Retraction Watch

Tracking retractions as a window into the scientific process

Archive for the ‘materials science’ Category

Post-publication peer review in action: Science flags paper just days after publication

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Science has issued an expression of concern for a widely covered materials science paper published on Friday, citing issues with the supplementary data.

The paper — which caught the attention of multiple news outlets — added properties to cotton fibers in vitro, potentially enabling researchers to manufacture fabric that can fluoresce or carry magnetic properties.

The move to issue an expression of concern was unusually quick. According to the journal, an expert who received the paper from a journalist under a media embargo contacted Science to flag issues in some of the supplementary data. At the time of this post, the paper does not yet have an entry on PubPeer.

Here’s the full expression of concern:

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“Scientifically misleading errors” prompt authors to withdraw paper

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A group of authors have withdrawn a paper after revealing a litany of issues to the journal that published it. Among those issues were “scientifically misleading errors,” “insufficient” validation, and a disagreement between the researchers on whether it should have been published at all.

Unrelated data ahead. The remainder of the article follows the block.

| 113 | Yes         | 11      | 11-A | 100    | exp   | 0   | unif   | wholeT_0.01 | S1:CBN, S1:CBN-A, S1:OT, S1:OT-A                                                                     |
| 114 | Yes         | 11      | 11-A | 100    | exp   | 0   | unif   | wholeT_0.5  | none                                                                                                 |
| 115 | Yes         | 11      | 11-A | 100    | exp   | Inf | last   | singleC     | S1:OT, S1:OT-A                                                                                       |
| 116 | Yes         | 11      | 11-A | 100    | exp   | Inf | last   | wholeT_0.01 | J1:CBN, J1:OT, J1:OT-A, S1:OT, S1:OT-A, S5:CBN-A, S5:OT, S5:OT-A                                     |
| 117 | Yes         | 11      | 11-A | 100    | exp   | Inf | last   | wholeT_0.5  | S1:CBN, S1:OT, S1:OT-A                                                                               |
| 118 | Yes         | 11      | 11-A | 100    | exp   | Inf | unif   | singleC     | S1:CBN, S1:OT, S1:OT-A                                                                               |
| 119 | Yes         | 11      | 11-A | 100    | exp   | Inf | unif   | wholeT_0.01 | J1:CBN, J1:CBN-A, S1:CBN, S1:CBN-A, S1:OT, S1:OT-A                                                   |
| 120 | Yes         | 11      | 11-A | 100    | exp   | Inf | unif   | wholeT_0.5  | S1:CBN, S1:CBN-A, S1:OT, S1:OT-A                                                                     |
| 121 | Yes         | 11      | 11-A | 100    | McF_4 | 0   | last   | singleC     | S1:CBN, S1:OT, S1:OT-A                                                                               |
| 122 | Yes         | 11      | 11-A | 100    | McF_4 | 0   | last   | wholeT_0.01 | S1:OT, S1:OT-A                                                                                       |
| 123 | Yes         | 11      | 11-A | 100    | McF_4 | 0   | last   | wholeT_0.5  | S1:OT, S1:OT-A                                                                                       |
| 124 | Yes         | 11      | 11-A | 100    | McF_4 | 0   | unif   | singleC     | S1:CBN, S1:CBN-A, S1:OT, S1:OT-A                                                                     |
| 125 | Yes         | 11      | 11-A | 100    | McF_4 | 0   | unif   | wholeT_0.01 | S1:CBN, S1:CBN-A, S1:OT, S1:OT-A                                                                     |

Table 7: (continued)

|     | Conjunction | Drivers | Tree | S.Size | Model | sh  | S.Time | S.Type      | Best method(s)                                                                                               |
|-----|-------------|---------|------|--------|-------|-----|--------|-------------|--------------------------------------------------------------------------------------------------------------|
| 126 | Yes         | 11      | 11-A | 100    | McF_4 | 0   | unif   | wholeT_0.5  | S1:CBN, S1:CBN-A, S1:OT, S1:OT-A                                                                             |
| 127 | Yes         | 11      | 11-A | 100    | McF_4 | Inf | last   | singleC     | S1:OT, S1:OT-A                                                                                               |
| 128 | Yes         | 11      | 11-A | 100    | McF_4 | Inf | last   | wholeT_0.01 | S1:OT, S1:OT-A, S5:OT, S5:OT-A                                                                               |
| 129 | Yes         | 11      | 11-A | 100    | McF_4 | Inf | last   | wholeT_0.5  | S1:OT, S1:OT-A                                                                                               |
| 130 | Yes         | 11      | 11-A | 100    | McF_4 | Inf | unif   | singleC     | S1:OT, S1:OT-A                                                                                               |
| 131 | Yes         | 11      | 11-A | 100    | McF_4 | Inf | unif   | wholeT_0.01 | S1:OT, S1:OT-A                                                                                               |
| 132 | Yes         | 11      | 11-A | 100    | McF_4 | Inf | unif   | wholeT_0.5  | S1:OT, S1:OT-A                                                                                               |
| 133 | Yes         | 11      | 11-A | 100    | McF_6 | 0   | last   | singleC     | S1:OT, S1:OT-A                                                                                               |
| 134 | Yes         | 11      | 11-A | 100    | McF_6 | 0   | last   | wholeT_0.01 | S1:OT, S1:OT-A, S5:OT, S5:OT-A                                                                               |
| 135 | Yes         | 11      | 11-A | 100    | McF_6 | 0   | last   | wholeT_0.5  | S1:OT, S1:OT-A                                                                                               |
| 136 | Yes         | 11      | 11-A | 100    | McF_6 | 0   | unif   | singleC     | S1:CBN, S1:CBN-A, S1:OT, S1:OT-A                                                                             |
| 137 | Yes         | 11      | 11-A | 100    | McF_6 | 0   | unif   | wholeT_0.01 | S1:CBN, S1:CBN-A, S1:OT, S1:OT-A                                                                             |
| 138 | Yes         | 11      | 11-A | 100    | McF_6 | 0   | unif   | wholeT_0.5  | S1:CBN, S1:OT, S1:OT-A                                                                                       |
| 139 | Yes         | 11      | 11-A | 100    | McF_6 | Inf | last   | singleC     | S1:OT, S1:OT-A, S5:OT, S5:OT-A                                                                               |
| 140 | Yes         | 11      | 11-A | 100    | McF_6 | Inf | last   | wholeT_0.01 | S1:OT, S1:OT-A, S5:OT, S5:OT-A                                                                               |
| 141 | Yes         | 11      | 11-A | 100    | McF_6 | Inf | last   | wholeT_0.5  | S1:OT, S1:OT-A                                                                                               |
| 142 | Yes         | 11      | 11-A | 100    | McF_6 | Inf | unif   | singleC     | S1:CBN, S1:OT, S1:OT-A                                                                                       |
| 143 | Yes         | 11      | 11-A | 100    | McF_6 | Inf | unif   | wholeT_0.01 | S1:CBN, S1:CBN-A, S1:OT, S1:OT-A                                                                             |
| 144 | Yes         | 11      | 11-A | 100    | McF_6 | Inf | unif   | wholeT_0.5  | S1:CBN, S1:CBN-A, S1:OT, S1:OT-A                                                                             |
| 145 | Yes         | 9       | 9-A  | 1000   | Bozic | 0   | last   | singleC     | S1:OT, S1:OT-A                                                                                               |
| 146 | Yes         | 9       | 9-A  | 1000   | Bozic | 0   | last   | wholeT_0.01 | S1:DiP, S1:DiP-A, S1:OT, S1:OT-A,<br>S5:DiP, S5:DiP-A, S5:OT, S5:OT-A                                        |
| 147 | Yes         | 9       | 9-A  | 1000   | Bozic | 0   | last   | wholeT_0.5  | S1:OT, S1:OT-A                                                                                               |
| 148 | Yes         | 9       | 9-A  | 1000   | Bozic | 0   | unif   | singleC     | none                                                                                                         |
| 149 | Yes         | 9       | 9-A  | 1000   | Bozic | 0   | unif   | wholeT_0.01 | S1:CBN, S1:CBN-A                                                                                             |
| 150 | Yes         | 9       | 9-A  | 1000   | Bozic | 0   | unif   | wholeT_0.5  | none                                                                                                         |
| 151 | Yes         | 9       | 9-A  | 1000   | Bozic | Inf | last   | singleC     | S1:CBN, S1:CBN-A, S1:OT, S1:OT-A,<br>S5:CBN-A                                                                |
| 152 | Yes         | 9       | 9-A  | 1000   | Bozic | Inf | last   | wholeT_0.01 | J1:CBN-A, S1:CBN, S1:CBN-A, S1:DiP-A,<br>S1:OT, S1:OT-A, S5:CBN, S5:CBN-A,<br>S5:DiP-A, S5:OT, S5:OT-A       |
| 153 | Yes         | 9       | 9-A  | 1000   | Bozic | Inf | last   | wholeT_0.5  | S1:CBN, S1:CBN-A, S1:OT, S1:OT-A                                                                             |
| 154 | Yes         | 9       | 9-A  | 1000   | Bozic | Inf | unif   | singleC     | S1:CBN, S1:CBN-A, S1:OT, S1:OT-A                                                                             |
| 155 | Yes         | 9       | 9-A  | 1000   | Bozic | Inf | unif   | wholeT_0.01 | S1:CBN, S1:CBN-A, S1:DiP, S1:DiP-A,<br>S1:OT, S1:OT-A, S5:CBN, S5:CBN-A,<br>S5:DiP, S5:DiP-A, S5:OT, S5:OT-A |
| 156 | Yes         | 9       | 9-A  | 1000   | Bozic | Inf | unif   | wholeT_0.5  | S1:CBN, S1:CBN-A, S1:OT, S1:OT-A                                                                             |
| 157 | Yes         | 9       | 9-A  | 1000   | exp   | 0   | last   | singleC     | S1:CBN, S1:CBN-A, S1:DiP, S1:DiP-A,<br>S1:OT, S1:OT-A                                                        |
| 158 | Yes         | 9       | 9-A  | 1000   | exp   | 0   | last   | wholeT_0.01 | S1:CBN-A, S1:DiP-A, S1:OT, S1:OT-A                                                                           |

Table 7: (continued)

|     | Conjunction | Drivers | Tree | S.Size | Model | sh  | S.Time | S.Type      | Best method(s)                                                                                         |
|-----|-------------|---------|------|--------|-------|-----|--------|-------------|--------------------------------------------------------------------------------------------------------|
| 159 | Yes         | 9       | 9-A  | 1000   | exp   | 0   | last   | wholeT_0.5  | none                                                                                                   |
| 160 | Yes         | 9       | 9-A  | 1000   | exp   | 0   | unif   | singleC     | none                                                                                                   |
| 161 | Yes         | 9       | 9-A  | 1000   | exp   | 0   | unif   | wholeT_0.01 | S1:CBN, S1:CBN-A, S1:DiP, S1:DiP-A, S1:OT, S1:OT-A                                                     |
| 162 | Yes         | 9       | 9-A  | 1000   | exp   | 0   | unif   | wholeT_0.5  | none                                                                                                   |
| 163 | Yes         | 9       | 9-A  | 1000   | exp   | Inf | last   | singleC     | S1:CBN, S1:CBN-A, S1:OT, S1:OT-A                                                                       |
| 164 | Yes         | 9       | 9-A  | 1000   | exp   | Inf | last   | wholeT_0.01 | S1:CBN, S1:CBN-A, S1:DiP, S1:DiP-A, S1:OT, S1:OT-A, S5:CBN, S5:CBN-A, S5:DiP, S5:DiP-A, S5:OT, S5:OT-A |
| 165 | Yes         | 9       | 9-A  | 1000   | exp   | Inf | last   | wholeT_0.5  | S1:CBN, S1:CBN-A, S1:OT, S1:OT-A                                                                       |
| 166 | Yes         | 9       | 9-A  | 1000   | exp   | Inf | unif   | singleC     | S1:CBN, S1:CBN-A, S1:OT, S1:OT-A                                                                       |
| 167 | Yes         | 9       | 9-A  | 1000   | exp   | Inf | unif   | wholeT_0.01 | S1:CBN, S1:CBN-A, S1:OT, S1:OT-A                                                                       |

Optimal DNA structure of reverse-hairpin beacons for label-free and positive surface enhanced Raman scattering assays,” originally published in June in Optical Materials Express (OMEx), was retracted Aug. 7. The paper purported to describe a detection method for RNA associated with influenza virus. It has not yet been cited, according to Clarivate Analytics’ Web of Science.

Here’s the full list of issues cited in the retraction notice: Read the rest of this entry »

Leibniz Prize belatedly awarded to scientist cleared of misconduct

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Just before the March ceremony to bestow the coveted Leibniz Prize, the Deutsche Forschungsgemeinschaft (DFG, German Research Foundation) received some disturbing allegations. An anonymous tipster accused one of the 10 scientists slotted to receive the award, materials scientist Britta Nestler, of misconduct. So the DFG held the ceremony on March 15, but suspended Nestler’s award.